show the mean. P values were determined by nonparametric Mann-Whitney U test.
droitin sulfate–bearing region, further C-terminal truncation of ADAMTS-4 is required for destructive cleavage of aggrecan in the interglobular domain. This
truncation occurs through the activity of membrane type
4 MMP, resulting in the p53 and p40 forms of the
proteinase. The p53 form acts as the major aggrecanase
(29).
There was a basal level of ADAMTS-4 protein
expression in primary human chondrocytes, which increased within 48 hours following the addition of B
burgdorferi and continued to increase up to 72 hours
after infection (Figure 1C). Both the p53 and p40 forms,
representing activated ADAMTS-4, were found in these
cells. Although the transcript levels of ADAMTS-4
peaked at 24 hours after infection, protein levels continued to increase through the later time points, as measured by densitometry (Figures 1B and C). The induction of ADAMTS-4 was due to the addition of B
burgdorferi, since uninfected samples collected at match-
ing time points did not show induction of ADAMTS-4
(data not shown).
Cell-type specificity of ADAMTS-4 induction following B burgdorferi infection. To determine the specificity of ADAMTS-4 induction in human chondrocytes
following B burgdorferi infection, we infected primary
human dermal fibroblast cultures, which may contact B
burgdorferi during the initial entry into humans, and
primary human pulmonary artery smooth muscle cell
cultures, which are found in an area where no pathology
has been reported in Lyme disease. There was no
induction of ADAMTS-4 from either cell type, as determined by real-time quantitative RT-PCR (data not
shown).
Expression of ADAMTS-4 in SF samples from
patients with treated and untreated Lyme arthritis. In
order to determine the presence of ADAMTS-4 in the
SF of patients with Lyme arthritis, SF samples from 9
patients with untreated Lyme arthritis were examined by
3324
BEHERA ET AL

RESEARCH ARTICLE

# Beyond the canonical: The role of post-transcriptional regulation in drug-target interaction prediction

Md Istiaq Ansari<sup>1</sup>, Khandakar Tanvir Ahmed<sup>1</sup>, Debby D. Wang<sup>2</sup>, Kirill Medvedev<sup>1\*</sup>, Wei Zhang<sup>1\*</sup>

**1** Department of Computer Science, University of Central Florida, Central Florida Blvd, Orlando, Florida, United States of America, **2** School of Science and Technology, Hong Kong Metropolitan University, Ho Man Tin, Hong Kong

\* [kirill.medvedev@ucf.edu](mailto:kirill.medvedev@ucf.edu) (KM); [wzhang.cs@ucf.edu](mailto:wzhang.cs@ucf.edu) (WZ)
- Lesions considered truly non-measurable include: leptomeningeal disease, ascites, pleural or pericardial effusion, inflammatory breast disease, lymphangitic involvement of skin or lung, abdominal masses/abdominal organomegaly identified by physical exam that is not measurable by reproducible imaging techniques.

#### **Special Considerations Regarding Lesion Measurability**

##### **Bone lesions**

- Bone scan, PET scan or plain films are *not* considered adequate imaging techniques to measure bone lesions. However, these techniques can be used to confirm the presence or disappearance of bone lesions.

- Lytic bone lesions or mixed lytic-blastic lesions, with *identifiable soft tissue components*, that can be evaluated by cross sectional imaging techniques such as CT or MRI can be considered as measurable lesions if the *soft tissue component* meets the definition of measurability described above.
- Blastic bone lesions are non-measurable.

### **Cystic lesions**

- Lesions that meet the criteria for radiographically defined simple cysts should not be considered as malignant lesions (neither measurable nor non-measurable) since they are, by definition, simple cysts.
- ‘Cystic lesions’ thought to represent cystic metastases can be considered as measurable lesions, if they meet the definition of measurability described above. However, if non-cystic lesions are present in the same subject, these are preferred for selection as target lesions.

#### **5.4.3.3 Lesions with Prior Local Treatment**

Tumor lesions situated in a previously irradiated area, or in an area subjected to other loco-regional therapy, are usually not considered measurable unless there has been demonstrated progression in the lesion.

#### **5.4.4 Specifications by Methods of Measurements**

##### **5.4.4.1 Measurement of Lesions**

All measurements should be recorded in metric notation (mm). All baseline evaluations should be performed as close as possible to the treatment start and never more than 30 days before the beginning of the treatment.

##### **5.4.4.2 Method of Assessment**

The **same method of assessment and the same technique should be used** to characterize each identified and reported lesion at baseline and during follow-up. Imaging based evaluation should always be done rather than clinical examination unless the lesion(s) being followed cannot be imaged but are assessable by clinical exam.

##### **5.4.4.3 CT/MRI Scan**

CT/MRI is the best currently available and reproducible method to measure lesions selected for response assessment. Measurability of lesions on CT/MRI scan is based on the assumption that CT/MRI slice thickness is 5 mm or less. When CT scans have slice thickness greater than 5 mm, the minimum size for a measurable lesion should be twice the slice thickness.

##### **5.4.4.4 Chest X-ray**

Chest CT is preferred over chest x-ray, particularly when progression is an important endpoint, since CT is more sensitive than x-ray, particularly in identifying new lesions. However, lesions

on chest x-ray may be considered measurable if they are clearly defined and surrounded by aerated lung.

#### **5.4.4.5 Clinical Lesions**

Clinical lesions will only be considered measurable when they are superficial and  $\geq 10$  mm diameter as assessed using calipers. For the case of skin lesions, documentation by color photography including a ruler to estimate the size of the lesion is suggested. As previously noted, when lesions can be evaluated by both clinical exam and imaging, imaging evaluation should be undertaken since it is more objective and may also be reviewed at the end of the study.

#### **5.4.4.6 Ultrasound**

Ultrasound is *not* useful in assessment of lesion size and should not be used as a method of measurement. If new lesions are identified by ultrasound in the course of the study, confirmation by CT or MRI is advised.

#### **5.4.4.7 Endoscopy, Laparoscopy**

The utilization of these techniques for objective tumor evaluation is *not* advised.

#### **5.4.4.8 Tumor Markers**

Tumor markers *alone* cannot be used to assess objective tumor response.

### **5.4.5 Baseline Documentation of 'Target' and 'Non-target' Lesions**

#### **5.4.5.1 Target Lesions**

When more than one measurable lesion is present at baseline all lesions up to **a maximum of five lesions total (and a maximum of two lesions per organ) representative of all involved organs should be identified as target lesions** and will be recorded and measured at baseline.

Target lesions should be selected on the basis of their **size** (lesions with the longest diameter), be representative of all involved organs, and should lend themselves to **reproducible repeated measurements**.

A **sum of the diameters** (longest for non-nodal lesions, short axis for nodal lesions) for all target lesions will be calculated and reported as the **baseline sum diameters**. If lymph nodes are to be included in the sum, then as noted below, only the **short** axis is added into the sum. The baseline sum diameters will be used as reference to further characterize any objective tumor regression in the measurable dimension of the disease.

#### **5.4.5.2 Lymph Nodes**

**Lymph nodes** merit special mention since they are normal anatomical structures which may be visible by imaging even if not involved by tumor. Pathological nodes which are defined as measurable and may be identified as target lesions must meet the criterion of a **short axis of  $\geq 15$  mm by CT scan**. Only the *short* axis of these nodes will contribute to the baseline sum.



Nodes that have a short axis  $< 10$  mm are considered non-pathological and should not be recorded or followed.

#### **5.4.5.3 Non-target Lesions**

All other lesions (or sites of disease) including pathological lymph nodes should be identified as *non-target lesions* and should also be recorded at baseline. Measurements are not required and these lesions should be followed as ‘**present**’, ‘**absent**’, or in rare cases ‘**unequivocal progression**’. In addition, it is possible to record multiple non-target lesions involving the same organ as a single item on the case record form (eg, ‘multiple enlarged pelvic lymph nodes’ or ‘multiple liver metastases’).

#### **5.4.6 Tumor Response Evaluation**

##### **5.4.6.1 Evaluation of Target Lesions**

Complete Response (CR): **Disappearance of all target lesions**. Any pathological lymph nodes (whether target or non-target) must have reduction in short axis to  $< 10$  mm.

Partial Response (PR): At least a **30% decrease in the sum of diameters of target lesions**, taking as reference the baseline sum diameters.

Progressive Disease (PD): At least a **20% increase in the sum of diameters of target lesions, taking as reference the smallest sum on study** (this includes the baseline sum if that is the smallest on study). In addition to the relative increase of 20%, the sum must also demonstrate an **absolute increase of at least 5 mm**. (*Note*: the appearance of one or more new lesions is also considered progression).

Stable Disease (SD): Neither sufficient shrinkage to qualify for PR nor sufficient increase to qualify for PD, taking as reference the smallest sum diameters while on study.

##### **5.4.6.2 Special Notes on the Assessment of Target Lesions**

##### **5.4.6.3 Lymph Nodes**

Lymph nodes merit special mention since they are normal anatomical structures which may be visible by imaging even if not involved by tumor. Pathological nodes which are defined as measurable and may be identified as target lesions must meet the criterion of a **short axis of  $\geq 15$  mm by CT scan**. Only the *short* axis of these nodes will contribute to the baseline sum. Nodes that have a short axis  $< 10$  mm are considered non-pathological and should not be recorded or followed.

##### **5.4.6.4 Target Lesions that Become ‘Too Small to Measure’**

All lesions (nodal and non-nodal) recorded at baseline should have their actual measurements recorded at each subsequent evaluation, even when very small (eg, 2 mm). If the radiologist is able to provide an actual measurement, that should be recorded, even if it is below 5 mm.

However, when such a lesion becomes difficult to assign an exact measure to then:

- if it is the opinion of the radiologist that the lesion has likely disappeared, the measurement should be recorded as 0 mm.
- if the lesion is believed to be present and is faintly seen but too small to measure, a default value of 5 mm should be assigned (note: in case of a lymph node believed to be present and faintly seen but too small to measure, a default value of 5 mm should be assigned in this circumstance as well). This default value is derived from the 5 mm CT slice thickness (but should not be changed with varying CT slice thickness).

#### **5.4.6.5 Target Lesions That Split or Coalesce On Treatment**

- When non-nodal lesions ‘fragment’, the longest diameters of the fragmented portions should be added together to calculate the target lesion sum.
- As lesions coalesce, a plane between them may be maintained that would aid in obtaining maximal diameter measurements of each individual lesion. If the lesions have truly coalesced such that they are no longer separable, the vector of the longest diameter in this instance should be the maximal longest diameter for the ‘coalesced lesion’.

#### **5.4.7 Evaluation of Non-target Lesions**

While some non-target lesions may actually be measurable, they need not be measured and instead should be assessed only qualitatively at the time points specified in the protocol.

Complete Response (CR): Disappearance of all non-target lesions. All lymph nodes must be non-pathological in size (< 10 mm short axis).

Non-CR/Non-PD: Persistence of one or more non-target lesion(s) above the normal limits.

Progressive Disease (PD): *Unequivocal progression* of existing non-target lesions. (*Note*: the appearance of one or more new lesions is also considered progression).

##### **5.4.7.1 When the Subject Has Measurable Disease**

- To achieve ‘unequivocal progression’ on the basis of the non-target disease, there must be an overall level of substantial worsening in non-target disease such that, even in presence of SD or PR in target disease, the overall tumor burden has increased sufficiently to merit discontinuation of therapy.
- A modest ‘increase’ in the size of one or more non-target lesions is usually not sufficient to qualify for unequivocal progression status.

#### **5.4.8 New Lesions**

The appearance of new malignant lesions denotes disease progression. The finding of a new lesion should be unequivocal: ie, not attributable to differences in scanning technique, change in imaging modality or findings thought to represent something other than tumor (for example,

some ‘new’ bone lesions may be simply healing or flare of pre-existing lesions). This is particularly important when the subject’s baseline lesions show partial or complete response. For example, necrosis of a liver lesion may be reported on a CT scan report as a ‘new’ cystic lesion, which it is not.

Figure 3. Induction of ADAMTS-4 and ADAMTS-5 in murine cartilage by Borrelia burgdorferi. Five-day-old C3H/HeN,
BALB/c, and C57BL/6 mice were infected with B burgdorferi (Bb; 104 low-passage infectious organisms per mouse) or were
sham infected. Mice were killed 2 weeks postinfection, ankle joint cartilage was microdissected, and total RNA was isolated.
The cDNA generated from total RNA was analyzed for ADAMTS-4 or ADAMTS-5 expression by real-time quantitative
reverse transcription–polymerase chain reaction analysis. The expression of ADAMTS-4 or ADAMTS-5 was normalized to that
of nidogen, and the relative expression is shown. Bars show the median. P values were determined by nonparametric
Mann-Whitney U test. A, Expression of ADAMTS-4 in C3H/HeN (n ⫽ 10), BALB/c (n ⫽ 6), and C57BL/6 (n ⫽ 5) mice. B,
Expression of ADAMTS-5 in C3H/HeN mice (n ⫽ 5 sham-infected mice; n ⫽ 6 B burgdorferi–infected mice).
immunoblotting. Because normal SF is difficult to obtain
in amounts sufficient for testing, we used for comparison
SF samples from 9 patients with persistent Lyme arthritis after antibiotic therapy in whom no SF B burgdorferi
was detectable, as well as SF samples from 13 patients
with RA, 12 with OA, 4 with gouty arthritis, and 2 with
ReA. The ADAMTS-4–specific band was detected in all
patients. The level of expression of activated